Data centers are the invisible engines of modern life: Every time you post on Facebook, swipe a credit card or send an email, powerful computers housed in data centers make that transaction possible. Because the work done inside these centers is so indispensable to modern life, these facilities can’t be taken out of service when being upgraded or renovated.
Imagine if Google wasn’t available when you wanted to do a search – that’s why it’s imperative that there’s no unplanned downtime, as that would cost clients revenue and reputation. Ensuring such uninterrupted operation presents significant challenges to the construction teams, and makes them even more complicated than building new data centers.
Here are four of the top challenges to working in live data centers:
1) Plan and plan some more: Intense planning is the foundation for successfully operating in live data center environments. Step-by-step methods of procedures must be developed that include specific timelines, and contingency plans for a variety of scenarios need to be developed. All plans need to be approved by various stakeholders, a process that may take weeks. Because of the tight sequence of work that must be done, lean production processes – as originated by Toyota in its auto manufacturing operations – may be used to maximize efficiency and quality. Because of all these considerations, construction activities are typically planned months in advance.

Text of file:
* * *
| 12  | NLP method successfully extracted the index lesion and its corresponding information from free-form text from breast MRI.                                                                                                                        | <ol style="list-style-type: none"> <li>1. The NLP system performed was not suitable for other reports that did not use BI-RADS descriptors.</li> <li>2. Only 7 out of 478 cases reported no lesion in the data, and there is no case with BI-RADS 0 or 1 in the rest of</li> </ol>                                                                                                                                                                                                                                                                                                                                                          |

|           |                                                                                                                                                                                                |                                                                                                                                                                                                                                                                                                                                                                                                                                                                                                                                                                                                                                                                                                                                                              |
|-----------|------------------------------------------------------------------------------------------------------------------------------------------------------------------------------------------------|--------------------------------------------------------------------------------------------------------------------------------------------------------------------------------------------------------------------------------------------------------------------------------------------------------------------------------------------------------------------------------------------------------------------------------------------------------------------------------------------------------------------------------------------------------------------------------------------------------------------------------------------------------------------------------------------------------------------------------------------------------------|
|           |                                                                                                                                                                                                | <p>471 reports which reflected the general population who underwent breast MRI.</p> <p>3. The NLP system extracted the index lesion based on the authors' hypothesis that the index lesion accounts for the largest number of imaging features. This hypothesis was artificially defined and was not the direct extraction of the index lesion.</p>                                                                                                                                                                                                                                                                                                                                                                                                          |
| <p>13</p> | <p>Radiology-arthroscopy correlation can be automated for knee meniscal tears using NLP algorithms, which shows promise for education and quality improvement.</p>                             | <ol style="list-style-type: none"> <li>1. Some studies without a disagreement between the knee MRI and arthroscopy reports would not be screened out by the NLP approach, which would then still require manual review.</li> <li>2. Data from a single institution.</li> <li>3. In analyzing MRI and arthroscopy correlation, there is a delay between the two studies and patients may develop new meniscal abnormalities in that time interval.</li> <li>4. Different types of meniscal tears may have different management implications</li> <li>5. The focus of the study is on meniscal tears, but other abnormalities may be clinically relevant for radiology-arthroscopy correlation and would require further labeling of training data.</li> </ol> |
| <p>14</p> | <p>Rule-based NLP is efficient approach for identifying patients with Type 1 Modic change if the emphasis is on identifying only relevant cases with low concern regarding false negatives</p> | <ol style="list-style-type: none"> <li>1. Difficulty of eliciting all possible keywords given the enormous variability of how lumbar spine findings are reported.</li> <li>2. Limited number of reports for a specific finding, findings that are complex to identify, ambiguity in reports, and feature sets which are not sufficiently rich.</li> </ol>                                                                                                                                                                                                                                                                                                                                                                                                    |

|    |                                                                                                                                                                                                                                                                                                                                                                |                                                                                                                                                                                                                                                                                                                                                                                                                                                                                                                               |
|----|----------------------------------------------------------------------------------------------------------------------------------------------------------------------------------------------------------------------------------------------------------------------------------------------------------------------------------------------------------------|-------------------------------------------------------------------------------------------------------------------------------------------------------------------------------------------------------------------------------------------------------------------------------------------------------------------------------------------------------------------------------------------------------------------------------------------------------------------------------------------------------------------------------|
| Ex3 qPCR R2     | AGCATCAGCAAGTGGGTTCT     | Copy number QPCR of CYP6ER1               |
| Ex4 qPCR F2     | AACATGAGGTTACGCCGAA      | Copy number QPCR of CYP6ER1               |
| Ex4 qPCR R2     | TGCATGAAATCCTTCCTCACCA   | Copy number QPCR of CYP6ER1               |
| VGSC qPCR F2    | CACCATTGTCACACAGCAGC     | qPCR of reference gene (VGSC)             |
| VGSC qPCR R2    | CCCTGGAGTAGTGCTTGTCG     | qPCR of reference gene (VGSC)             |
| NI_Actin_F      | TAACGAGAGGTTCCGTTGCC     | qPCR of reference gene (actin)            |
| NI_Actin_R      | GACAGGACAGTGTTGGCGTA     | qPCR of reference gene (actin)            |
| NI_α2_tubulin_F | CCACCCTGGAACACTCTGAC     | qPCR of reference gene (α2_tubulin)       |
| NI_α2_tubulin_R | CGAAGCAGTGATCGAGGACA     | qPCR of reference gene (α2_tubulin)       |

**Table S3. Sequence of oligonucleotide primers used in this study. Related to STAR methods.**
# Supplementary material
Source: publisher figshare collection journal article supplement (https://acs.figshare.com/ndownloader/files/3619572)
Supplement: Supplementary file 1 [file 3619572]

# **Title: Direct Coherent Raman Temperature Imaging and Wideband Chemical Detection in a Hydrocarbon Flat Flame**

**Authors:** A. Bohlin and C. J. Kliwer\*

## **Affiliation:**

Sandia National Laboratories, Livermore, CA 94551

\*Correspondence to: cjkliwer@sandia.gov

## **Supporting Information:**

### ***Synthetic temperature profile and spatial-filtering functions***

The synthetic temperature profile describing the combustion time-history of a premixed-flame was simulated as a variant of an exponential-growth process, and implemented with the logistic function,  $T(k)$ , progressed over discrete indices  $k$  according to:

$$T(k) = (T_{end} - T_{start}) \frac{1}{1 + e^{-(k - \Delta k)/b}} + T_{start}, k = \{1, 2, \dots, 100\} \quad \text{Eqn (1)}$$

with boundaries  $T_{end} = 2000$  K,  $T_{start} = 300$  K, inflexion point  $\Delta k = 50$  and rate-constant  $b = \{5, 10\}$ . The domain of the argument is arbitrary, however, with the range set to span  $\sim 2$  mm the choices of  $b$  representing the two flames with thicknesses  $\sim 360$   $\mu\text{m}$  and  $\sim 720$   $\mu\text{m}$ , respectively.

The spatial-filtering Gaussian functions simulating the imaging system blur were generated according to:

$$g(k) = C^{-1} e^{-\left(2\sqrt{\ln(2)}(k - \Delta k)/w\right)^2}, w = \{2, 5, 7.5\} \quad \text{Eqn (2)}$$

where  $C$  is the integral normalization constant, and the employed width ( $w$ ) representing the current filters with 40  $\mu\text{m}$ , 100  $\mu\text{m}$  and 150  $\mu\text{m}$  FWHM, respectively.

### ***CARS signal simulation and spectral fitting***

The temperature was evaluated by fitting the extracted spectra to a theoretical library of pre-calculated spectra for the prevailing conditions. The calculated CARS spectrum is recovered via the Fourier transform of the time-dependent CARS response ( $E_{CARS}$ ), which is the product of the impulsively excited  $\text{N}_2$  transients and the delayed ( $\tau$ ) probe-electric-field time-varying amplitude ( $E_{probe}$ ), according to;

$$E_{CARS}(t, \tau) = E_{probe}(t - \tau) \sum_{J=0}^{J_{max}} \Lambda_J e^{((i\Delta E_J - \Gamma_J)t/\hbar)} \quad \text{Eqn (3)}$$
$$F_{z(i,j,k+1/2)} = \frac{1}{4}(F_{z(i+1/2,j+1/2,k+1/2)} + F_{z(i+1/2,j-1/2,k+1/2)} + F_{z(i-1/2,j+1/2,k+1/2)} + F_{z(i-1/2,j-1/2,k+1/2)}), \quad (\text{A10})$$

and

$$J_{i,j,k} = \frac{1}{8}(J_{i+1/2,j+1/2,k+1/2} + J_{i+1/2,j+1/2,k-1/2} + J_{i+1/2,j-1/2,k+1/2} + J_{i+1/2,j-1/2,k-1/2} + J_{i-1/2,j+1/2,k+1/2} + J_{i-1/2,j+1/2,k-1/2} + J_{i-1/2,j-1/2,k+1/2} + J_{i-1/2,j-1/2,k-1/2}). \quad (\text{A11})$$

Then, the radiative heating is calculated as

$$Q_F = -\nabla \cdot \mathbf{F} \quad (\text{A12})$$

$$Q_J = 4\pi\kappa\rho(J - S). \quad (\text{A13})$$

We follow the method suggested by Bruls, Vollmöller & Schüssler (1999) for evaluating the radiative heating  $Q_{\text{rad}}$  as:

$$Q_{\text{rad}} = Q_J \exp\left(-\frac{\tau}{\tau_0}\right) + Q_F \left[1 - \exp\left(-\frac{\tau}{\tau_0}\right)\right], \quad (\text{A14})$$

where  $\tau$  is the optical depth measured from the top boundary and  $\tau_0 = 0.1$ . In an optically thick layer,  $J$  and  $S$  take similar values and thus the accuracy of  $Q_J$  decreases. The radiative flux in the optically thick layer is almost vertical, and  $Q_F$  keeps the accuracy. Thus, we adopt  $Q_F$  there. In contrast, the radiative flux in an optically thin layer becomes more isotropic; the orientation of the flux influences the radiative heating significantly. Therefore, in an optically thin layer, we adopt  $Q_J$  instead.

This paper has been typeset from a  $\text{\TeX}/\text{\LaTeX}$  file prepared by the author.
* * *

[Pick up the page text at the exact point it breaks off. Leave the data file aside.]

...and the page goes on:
2) Limited work windows: Forget about being able to work on the project uninterrupted from start to finish. Significant work can only be done during periods of time specified by the owner of the facility or of the computer servers located inside. Time that’s off limits may stretch up to a third of the year, and may include the winter holiday season for retailers and, for financial clients, the spring tax season and the end of each quarter. During these periods the only work that may typically be done involves activities – such as painting and installing electrical conduit – that pose no risk on ongoing operations. When work is allowed, construction teams typically need to maximize that opportunity by working multiple shifts per day and on weekends.
3) Don’t rely on as-built documents: To tap into existing electrical and mechanical systems, you have to know what’s there and how it’s all integrated together. However, the answer to that puzzle likely doesn’t lie in the as-built drawings and other information that describe the existing facility. This is because maintenance staffers have likely changed and modified systems over the years but haven’t properly updated the drawings. (And much of the existing stock of data centers hasn’t been modeled with building information modeling (BIM)).
Because data centers are so critical, you need to confirm that information on the existing facility is correct. Means of achieving that assurance include physically tracing electrical feeders and other systems to see where and how they connect.
4) Minimizing impacts: Controlled indoor conditions are essential to proper data center operation. This means that construction activities can’t impact that environment. Work areas must be sealed with plastic to contain dust; the temperature of the air must be constantly monitored; and protective booties over footwear may need to be worn. On one of Skanska’s current live data center projects that involve a raised floor, we can’t remove more than six floor tiles at a time so as to not impact the under-floor air pressure